Patty Wagstaff with students at Phoenix East Aviation in Daytona Beach, Fla.
For years, I had visited South Florida to see my wonderful grandmother and eventually to fly at Pompano Air Center—a leading spot for aerobatics in its time. Stretching from Key West, I think South Florida is exotic, and I love that the ocean stays warm all year, but while there's beauty in it, the land is flat and monotonous. For an aerobatic pilot, it's hard to find practice areas because of the density of the population, and the Everglades never looked like a great place to ditch.
I used to associate Florida with old people. It's a cheap laugh to stereotype the old guy in the Cadillac, signaling left and turning right on his way to a five-in-the-afternoon dinner at Furr's Cafeteria. There's nothing wrong with old people—we all get there if we're lucky—but over the years, I've found that there's a lot more to Florida than retirement communities. It has changed to reflect a more balanced and diverse demographic, partly due to opportunities in the aerospace and aviation industry.
When my father retired from the airlines, he and my stepmother moved from Alaska so he could fly all year. I then discovered Corrosion Corner out of Fort Lauderdale and Miami, where a few retired airline guys of my dad's generation flew venerable DC-6s and DC-7s for companies like Bellamy Lawson, off black oil-stained ramps at MIA and KFLL to Central America, the Caribbean and the Dominican Republic.
For a pilot, South Florida is just a stepping stone and a 60-mile hop across the water to the Caribbean. Taking off out of KFPR or KFLL, you wonder why you're going through all the hassle until you catch your first glimpse of the clearest turquoise water and whitest beaches in this hemisphere.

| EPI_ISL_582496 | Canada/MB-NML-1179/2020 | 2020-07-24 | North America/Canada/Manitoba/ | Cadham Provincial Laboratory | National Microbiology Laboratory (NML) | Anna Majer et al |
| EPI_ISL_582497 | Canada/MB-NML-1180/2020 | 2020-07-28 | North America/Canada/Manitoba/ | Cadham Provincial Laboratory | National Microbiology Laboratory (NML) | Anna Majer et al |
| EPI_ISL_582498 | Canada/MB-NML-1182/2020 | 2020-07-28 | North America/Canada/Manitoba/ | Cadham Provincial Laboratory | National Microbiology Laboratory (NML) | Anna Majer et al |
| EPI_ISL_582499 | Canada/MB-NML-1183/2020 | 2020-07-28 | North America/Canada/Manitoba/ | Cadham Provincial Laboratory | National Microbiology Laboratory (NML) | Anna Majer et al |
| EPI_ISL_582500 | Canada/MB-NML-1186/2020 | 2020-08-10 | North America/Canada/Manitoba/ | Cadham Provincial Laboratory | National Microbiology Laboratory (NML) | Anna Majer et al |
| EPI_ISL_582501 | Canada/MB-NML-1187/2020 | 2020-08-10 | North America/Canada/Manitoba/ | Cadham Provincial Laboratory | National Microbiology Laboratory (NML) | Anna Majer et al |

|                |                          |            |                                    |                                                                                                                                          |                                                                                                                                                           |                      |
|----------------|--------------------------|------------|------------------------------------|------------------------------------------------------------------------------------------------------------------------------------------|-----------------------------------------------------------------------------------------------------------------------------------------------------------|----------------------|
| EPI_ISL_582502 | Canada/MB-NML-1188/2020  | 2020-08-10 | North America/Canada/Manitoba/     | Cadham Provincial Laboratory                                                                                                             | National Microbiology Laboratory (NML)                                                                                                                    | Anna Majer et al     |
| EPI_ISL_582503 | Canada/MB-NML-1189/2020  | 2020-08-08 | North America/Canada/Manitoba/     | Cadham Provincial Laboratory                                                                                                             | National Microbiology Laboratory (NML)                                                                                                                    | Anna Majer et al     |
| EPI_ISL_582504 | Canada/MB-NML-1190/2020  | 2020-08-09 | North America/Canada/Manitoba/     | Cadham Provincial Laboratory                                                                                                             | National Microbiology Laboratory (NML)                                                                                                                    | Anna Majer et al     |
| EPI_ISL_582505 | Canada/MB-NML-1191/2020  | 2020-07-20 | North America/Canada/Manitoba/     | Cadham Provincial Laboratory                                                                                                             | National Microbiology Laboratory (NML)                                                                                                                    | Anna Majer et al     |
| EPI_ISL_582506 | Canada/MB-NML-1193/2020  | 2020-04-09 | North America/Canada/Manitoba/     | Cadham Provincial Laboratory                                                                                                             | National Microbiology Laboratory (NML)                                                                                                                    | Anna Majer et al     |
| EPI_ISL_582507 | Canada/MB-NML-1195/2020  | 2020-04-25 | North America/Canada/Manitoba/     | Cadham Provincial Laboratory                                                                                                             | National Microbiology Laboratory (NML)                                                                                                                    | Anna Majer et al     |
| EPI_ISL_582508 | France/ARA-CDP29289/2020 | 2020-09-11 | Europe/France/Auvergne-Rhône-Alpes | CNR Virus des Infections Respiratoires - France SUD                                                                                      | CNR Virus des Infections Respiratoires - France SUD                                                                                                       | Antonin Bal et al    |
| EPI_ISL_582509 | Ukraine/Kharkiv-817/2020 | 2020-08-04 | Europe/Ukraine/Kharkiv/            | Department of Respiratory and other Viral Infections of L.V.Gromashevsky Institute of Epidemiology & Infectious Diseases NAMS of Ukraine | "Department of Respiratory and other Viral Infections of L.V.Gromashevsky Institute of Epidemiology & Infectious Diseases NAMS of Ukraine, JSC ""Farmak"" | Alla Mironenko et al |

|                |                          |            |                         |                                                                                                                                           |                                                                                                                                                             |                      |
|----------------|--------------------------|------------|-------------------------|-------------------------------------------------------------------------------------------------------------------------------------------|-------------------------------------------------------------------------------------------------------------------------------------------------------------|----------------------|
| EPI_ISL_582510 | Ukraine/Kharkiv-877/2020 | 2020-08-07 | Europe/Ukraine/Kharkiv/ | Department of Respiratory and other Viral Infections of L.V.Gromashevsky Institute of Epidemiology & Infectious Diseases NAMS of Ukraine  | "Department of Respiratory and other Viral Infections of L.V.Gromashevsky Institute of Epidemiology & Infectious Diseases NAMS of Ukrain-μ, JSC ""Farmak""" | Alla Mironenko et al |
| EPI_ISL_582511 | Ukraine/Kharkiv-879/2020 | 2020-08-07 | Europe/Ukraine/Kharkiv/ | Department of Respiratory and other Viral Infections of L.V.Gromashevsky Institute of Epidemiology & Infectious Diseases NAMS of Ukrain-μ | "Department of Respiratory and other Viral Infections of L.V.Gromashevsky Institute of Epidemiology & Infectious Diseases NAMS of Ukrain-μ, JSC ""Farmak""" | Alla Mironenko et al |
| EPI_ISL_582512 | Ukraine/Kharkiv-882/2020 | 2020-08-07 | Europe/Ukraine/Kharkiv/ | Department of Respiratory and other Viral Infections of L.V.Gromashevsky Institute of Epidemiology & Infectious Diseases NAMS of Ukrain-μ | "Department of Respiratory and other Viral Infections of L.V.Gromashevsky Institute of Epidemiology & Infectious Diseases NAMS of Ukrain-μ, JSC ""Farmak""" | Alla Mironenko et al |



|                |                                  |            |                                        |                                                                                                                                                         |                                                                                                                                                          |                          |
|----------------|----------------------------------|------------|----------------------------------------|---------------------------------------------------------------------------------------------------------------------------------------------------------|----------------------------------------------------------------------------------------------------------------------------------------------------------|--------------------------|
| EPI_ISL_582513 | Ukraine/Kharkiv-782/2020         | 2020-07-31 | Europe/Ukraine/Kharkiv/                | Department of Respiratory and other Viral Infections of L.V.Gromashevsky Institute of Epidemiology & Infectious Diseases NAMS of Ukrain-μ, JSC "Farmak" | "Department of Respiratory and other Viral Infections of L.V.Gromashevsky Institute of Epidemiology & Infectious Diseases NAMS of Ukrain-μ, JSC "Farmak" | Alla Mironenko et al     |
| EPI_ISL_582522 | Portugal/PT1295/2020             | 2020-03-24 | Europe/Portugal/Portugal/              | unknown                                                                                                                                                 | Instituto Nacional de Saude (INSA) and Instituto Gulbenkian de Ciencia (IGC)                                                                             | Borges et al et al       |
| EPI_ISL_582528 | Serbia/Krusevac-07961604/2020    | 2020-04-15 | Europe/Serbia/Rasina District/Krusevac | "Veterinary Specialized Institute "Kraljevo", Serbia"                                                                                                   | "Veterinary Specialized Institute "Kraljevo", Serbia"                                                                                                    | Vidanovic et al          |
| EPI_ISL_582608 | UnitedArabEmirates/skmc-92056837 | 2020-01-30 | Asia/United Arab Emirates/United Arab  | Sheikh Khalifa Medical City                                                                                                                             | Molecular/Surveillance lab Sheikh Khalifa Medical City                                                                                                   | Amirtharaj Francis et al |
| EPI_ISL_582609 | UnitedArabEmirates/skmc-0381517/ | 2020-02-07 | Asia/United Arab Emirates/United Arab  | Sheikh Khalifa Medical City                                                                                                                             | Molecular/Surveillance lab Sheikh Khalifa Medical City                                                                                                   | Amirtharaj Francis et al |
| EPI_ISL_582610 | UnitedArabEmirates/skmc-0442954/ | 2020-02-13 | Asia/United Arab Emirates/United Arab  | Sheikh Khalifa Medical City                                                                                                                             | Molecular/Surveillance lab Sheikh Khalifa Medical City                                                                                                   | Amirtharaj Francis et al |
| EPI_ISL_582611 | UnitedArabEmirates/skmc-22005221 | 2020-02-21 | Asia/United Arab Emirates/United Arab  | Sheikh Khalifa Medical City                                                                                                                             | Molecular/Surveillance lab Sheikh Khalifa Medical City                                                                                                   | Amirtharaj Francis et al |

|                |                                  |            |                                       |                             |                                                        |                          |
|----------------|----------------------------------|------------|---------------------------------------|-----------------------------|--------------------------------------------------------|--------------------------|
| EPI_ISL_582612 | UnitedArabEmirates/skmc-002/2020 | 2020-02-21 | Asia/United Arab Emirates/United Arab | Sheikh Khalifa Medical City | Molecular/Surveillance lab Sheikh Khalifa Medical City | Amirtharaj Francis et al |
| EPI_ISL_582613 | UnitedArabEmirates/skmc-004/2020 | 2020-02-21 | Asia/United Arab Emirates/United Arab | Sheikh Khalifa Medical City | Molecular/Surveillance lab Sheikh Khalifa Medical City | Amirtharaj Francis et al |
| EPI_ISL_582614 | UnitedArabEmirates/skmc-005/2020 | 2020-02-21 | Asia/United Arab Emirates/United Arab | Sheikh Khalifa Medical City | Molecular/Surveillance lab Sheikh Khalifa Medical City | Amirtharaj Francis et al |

Coming from one great aviation state, Alaska, I discovered that Florida might just be the other one. Lincoln Beachey flew the first powered flight in Florida in 1910. In 1912, Glenn Curtiss founded the first Florida flight school on Miami Beach and expanded the school into other areas of Florida. In 1917, Florida was selected for military flight training, having the "second best weather" (after Arizona) for flying days in the U.S. Eddie Rickenbacker started an airline, Florida Airways, in 1926, the same year that Bessie Coleman, the first black American woman to hold a pilot's license, sadly died flying an air show in Jacksonville. Talton Higbee Embry and John Paul Riddle started operating a military training program in 1942, and in 1946, the U.S. Navy Blue Angels performed their first aerial demo at NAS Jacksonville. The legendary Betty Skelton was a lifelong Floridian and flew shows all over the southeast. The Florida Aviation Historical Society's website (www.floridaahs.org) has a lot of good information.
For years, Arizona, with its wide-open spaces and tolerance for noise, was the state for me to base my aerobatic operation. But after I discovered North Florida in the early '90s at the invitation of Jim Moser of Aero Sport in St. Augustine, who started operating the U.S. dealership for Extra Aircraft, I realized how much I craved the humidity and the ocean. North Florida also offered easier access to air shows across the East Coast, and summers were milder than those in the desert.
The topography changes from South to North Florida, and instead of large expanses of cane fields and the Everglades, one finds rolling hills, giant live oaks, long undeveloped stretches of beach (not so many now), and cooler temps in both summer and winter. I was intrigued. There are seasons in North Florida. It can get cold, but it usually doesn't last long. When I picked up an Extra from Aero Sport in 1993, it was colder there than it was at home in Alaska, and I saw snow flurries at the airport. I bundled up, but I heard it would be back to 70 degrees the next week!
Continuing north from St. Augustine and Jacksonville, I discovered another topography, one of great beauty—the truly desolate stretches of Georgia's primordial seashores, salt marshes and tidal creeks. There are short and narrow barrier islands separated by deep sounds and meandering, snaky rivers, and the entire picture is exotic and beautiful, especially in the changing light of late afternoon and sunset.
People come to Florida for flying, seasonally or permanently, and these days especially for flight training, which has exploded over the past few years. I have a good relationship with some of the flight schools, and when I visit Phoenix East Aviation in Daytona Beach, I find it's like a mini United Nations. I hear a lot of foreign flight students in the air, and while I can't always understand a word they say, I admire them. I don't know if I could go to China and learn to fly while speaking Mandarin, but then, I haven't tried.